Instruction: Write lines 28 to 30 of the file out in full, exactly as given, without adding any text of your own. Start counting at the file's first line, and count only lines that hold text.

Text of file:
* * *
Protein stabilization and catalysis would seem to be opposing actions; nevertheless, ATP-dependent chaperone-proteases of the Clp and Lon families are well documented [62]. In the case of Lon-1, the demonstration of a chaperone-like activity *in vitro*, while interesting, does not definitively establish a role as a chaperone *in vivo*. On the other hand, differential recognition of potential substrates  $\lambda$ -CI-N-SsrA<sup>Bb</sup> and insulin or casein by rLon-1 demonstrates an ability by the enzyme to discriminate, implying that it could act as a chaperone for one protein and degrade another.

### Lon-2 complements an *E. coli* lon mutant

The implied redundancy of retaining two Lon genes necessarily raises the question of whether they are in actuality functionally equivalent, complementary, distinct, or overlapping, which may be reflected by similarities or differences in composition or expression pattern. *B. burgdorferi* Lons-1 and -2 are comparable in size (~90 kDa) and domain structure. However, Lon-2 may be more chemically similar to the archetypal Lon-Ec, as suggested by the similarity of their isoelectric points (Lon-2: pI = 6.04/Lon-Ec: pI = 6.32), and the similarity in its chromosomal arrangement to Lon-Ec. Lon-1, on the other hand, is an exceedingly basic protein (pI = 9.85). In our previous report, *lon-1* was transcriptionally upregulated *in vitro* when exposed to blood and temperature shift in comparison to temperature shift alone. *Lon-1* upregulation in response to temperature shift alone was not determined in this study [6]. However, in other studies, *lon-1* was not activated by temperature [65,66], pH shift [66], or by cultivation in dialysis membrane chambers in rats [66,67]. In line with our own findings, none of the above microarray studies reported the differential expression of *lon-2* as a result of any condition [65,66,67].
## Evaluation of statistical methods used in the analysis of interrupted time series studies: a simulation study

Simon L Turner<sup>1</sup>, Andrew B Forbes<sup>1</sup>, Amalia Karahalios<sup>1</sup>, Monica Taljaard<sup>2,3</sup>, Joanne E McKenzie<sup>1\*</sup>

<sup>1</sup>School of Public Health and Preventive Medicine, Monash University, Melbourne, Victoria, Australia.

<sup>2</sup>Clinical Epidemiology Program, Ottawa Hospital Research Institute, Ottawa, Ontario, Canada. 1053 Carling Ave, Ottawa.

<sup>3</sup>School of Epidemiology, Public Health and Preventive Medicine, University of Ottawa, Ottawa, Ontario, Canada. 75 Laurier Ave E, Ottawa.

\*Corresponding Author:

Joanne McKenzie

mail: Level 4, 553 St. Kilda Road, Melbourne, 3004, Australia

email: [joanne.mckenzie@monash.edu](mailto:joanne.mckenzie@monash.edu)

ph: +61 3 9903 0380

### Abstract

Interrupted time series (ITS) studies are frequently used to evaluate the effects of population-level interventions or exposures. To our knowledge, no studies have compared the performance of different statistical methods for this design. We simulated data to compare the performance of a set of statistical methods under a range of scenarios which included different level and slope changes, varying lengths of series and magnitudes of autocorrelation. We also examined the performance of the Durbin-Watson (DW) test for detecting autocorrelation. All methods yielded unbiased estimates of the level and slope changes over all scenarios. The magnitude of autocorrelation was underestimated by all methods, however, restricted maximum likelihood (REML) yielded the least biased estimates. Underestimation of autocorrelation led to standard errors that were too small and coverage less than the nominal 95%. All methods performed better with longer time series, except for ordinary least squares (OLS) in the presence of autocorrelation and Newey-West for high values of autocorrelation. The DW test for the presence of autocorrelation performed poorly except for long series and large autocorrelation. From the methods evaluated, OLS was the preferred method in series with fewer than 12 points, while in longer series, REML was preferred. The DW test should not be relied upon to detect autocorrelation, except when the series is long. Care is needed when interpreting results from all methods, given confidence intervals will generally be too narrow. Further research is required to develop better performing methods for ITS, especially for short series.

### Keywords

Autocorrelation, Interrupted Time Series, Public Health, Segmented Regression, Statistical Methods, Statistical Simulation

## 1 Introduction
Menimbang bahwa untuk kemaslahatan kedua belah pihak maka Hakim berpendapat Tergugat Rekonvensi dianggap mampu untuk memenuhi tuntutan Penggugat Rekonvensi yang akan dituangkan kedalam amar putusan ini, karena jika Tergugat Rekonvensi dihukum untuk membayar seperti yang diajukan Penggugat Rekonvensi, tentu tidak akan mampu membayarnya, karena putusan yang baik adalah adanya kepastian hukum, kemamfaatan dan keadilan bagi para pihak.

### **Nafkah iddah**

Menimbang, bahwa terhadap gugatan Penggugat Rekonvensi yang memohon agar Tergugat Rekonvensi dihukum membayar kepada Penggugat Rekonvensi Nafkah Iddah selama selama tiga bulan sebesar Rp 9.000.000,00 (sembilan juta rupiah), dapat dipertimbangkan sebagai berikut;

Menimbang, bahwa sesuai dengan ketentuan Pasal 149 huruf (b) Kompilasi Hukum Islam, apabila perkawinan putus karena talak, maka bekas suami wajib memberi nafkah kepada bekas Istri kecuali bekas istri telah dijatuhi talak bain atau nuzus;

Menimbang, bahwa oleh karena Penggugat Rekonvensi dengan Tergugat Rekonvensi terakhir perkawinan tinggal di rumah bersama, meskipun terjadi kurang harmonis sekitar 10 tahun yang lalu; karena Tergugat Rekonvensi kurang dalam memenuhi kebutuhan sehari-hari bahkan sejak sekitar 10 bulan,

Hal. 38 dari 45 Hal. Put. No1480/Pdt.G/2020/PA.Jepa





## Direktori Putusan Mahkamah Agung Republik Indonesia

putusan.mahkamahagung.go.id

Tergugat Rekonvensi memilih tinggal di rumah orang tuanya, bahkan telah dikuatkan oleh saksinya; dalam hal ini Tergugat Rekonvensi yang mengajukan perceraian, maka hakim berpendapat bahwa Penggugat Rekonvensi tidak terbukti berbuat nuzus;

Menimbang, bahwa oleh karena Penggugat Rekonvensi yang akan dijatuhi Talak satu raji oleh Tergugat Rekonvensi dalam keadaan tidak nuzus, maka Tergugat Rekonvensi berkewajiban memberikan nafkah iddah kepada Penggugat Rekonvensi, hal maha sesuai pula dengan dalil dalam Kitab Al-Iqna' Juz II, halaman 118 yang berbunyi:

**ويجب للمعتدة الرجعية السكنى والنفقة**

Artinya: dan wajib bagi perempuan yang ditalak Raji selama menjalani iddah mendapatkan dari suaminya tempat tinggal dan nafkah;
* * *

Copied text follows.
Menimbang, bahwa oleh karena Penggugat Rekonvensi yang akan dijatuhi Talak satu raji oleh Tergugat Rekonvensi dalam keadaan tidak nuzus, maka Tergugat Rekonvensi berkewajiban memberikan nafkah iddah kepada Penggugat Rekonvensi, hal maha sesuai pula dengan dalil dalam Kitab Al-Iqna' Juz II, halaman 118 yang berbunyi:

**ويجب للمعتدة الرجعية السكنى والنفقة**

Artinya: dan wajib bagi perempuan yang ditalak Raji selama menjalani iddah mendapatkan dari suaminya tempat tinggal dan nafkah;